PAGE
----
ANSTO operates an 18MeV cyclotron jointly with the University of Sydney as part of the National Imaging Facility (NIF). It is situated in close proximity to the Brain and Mind Centre and the Charles Perkins Institute. The facility is accessible to scientists and researchers across Australia.
Through its connection with the National Imaging Facility, ANSTO’s Camperdown campus has well-equipped, radiation-rated laboratories, PET-rated hot cells and shielded fume cupboards, providing ample work areas for staff and visiting scientists. In collaboration with ANSTO’S experienced staff, researchers use the radioisotopes produced in the cyclotron with PET and SPECT imaging for pre-clinical studies to investigate molecules that have a role in neurological disorders and many other diseases.
How it works
A cyclotron is a particle accelerator. It is an electrically powered machine which produces a beam of charged particles that can be used for medical, industrial and research processes. As the name suggests, a cyclotron accelerates charged particles in a spiral path, which allows for a much longer acceleration path than a straight line accelerator.
A cyclotron body consists of electrodes, called 'dees' because of their shape, in a vacuum chamber. This vacuum chamber is flat and sits in a narrow gap between poles of a large magnet which creates a perpendicular magnetic field. A stream of charged particles is fed into the centre of the chamber and a high frequency alternating voltage is applied across the electrodes. This voltage alternately attracts and repels the charged particles causing them to accelerate.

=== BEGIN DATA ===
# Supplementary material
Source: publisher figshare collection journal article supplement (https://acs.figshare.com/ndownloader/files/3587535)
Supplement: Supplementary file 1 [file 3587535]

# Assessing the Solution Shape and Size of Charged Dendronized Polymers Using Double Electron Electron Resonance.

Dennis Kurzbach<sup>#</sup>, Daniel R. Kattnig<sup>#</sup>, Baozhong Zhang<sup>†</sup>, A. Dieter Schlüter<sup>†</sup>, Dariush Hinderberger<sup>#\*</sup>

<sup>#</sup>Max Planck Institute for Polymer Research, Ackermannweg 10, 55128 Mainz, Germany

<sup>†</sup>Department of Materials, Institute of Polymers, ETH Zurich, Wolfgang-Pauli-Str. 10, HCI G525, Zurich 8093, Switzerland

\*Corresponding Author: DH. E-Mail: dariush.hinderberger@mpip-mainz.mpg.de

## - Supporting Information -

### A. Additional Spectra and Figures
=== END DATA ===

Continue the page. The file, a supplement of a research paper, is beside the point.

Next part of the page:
The magnetic field moves the particles in a circular path and, as they gain more energy from the accelerating voltage, they spiral outwards until they reach the outer edge of the chamber.
Modern cyclotrons accelerate negative ions created in a plasma. When these negative ions reach the outer edge of the chamber the excess electrons are stripped off the ions forming positive particles such as a proton or deuteron, which can then be extracted from the cyclotron as a beam. The size of the vacuum chamber determines the length of the spiral path and hence the amount of energy attained by the particle.
Medical cyclotrons produce proton beams which are used to manufacture radioisotopes used in medical diagnosis. Radioisotopes produced in a cyclotron decay by either positron emission or electron capture. Positron emission tomography (PET) and single photon emission computed tomography (SPECT), which utilises the gamma rays associated with electron capture, are two imaging techniques that rely on cyclotron-produced radioisotopes.
Cyclotrons and nuclear reactors
It depends on the radioactive properties required whether a nuclear reactor or a cyclotron is used to produce a radioisotope.
Atoms with extra protons in the nucleus are called neutron-deficient and are produced in a particle accelerator such as a cyclotron. Atoms with extra neutrons in the nucleus are called neutron-rich and are produced in a nuclear reactor, such as OPAL
Neutron-rich and neutron-deficient radioisotopes decay by different means and hence have different properties and different uses. Radioisotopes made in cyclotrons complement those made in a reactor. Both types of radioisotopes are needed to service all of Australia's nuclear medical needs.
Radioisotopes are an essential part of radiopharmaceuticals. They have been used routinely in medicine for diagnostic imaging and in some cases as therapy for more than 30 years.
Nuclear medicine uses small amounts of radiation to provide information about a person's body and the functioning of specific organs, ongoing biological processes, or the disease state of a specific illness. In most cases, the information is used by physicians to make an accurate diagnosis. In certain cases radiation can be used to treat disease.
Particle energy of cyclotron
National Research Cyclotron opens
Commonly produced radioisotope
Need access to the cyclotron?
Expertise in radioisotope/radiotracer production and bioimaging